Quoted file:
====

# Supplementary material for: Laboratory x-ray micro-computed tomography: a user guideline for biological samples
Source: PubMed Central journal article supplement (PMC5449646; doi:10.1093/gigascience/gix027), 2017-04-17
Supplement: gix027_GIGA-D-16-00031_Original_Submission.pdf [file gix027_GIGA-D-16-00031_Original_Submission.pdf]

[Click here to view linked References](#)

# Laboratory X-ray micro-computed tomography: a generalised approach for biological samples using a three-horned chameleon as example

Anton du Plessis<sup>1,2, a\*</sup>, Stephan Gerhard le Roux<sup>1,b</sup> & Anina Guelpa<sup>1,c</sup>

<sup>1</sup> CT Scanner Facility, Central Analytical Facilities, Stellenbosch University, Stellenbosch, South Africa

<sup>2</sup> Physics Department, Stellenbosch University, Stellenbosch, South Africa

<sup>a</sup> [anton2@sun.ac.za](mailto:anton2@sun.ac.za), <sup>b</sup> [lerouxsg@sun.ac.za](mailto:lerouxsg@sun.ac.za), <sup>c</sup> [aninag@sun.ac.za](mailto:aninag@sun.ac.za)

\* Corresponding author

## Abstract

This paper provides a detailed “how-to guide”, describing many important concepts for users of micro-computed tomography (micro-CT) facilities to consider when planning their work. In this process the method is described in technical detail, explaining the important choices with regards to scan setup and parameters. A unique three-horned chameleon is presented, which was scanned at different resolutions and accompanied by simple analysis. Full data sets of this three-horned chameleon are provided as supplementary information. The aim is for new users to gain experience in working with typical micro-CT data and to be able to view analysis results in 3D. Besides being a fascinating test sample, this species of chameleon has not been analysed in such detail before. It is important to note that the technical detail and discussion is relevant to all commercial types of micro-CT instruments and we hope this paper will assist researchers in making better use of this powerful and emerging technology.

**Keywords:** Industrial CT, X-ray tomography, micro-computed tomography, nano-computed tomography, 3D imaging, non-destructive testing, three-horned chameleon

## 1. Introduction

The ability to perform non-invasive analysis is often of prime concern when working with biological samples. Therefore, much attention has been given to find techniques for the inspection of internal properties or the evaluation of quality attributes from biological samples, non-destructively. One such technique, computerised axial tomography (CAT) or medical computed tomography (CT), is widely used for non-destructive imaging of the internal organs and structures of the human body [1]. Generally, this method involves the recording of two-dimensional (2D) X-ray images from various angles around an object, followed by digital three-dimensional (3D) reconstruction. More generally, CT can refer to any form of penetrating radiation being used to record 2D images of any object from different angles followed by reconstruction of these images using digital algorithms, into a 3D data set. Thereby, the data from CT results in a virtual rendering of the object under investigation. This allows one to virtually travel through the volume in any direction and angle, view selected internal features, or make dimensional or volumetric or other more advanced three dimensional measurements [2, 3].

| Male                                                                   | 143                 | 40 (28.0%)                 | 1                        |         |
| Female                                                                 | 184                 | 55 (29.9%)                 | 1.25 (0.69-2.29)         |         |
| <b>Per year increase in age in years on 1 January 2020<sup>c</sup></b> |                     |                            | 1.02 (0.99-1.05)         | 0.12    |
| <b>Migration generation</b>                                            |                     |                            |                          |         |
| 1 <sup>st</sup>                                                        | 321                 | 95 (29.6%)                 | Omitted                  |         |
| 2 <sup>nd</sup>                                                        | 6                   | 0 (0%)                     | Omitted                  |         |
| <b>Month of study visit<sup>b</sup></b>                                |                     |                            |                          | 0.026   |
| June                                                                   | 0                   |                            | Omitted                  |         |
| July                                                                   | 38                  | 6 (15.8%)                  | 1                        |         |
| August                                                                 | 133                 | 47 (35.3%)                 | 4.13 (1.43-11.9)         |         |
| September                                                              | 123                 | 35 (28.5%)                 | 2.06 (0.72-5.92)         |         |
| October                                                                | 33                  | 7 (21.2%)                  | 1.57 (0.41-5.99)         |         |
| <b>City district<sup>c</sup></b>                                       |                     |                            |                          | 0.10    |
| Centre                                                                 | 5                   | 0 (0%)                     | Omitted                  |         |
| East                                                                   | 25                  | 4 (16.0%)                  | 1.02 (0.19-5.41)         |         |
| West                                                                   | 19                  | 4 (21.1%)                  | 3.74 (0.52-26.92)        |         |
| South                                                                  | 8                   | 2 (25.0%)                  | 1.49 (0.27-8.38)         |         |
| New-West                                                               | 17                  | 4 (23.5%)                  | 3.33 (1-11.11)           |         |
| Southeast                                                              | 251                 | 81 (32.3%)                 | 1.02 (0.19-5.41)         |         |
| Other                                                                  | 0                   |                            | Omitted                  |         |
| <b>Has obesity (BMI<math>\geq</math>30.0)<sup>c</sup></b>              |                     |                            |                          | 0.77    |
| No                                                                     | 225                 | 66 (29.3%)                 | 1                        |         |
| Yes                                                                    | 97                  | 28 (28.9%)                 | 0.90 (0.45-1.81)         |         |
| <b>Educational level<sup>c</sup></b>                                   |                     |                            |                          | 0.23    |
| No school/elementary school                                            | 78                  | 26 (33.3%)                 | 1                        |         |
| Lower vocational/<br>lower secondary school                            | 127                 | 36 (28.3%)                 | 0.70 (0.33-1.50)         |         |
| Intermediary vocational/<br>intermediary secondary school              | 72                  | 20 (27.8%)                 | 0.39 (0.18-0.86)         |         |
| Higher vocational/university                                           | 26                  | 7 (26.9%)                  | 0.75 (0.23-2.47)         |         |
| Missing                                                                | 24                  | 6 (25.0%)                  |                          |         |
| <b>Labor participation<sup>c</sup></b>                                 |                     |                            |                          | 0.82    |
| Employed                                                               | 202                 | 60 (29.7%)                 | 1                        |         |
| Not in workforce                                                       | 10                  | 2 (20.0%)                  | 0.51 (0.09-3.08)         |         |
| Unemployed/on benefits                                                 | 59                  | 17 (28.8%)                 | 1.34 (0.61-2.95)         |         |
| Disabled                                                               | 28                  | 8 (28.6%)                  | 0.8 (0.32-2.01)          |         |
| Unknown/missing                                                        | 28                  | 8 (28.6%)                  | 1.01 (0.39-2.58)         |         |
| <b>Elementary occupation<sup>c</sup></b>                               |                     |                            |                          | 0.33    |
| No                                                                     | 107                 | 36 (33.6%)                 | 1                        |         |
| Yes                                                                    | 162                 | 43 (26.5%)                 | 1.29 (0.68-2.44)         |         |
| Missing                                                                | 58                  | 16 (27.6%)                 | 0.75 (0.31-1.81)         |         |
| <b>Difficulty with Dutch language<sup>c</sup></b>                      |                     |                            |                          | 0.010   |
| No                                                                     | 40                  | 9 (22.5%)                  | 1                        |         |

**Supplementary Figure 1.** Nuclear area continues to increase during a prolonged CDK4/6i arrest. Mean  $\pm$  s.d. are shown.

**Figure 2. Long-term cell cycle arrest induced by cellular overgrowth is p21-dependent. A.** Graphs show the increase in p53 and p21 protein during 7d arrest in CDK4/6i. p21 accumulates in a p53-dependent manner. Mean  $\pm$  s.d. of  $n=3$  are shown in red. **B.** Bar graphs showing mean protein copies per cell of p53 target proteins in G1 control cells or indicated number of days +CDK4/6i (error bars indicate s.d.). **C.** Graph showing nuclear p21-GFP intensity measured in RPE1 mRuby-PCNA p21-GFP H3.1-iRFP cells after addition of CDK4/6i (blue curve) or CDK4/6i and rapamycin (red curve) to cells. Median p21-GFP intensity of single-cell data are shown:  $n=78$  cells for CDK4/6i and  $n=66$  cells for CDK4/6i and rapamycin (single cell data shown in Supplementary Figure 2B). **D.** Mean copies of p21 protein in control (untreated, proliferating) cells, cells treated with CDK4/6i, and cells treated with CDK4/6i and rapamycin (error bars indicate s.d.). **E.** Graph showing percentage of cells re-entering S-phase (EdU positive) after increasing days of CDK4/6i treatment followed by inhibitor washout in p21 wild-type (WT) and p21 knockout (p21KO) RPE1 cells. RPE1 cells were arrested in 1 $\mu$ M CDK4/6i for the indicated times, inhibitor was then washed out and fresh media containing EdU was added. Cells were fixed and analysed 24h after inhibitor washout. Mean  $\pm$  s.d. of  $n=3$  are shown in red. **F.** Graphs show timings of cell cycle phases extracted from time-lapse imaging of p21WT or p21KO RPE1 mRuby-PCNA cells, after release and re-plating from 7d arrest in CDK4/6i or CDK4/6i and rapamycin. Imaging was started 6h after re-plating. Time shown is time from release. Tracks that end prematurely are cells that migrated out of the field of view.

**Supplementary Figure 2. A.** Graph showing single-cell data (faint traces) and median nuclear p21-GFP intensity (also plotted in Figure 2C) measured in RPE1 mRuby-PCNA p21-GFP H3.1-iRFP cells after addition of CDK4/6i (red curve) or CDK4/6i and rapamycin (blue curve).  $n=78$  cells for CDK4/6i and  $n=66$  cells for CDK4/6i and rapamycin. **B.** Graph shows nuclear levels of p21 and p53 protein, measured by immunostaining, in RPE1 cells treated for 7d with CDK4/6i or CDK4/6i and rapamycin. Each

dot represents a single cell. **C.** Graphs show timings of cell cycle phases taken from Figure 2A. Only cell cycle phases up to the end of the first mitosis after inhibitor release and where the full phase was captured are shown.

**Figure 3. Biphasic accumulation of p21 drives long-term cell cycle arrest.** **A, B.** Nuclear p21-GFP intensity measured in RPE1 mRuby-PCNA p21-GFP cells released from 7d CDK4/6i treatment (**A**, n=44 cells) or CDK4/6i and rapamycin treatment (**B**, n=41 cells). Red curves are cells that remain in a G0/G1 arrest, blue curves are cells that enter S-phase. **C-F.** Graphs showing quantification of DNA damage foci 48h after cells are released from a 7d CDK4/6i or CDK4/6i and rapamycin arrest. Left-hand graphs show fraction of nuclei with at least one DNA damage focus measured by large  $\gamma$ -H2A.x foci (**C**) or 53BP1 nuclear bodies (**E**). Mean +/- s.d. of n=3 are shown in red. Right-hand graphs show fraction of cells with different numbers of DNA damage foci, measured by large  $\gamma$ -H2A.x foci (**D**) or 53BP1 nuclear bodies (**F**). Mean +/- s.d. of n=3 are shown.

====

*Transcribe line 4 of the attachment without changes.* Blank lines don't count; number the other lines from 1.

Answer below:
[Click here to view linked References](#)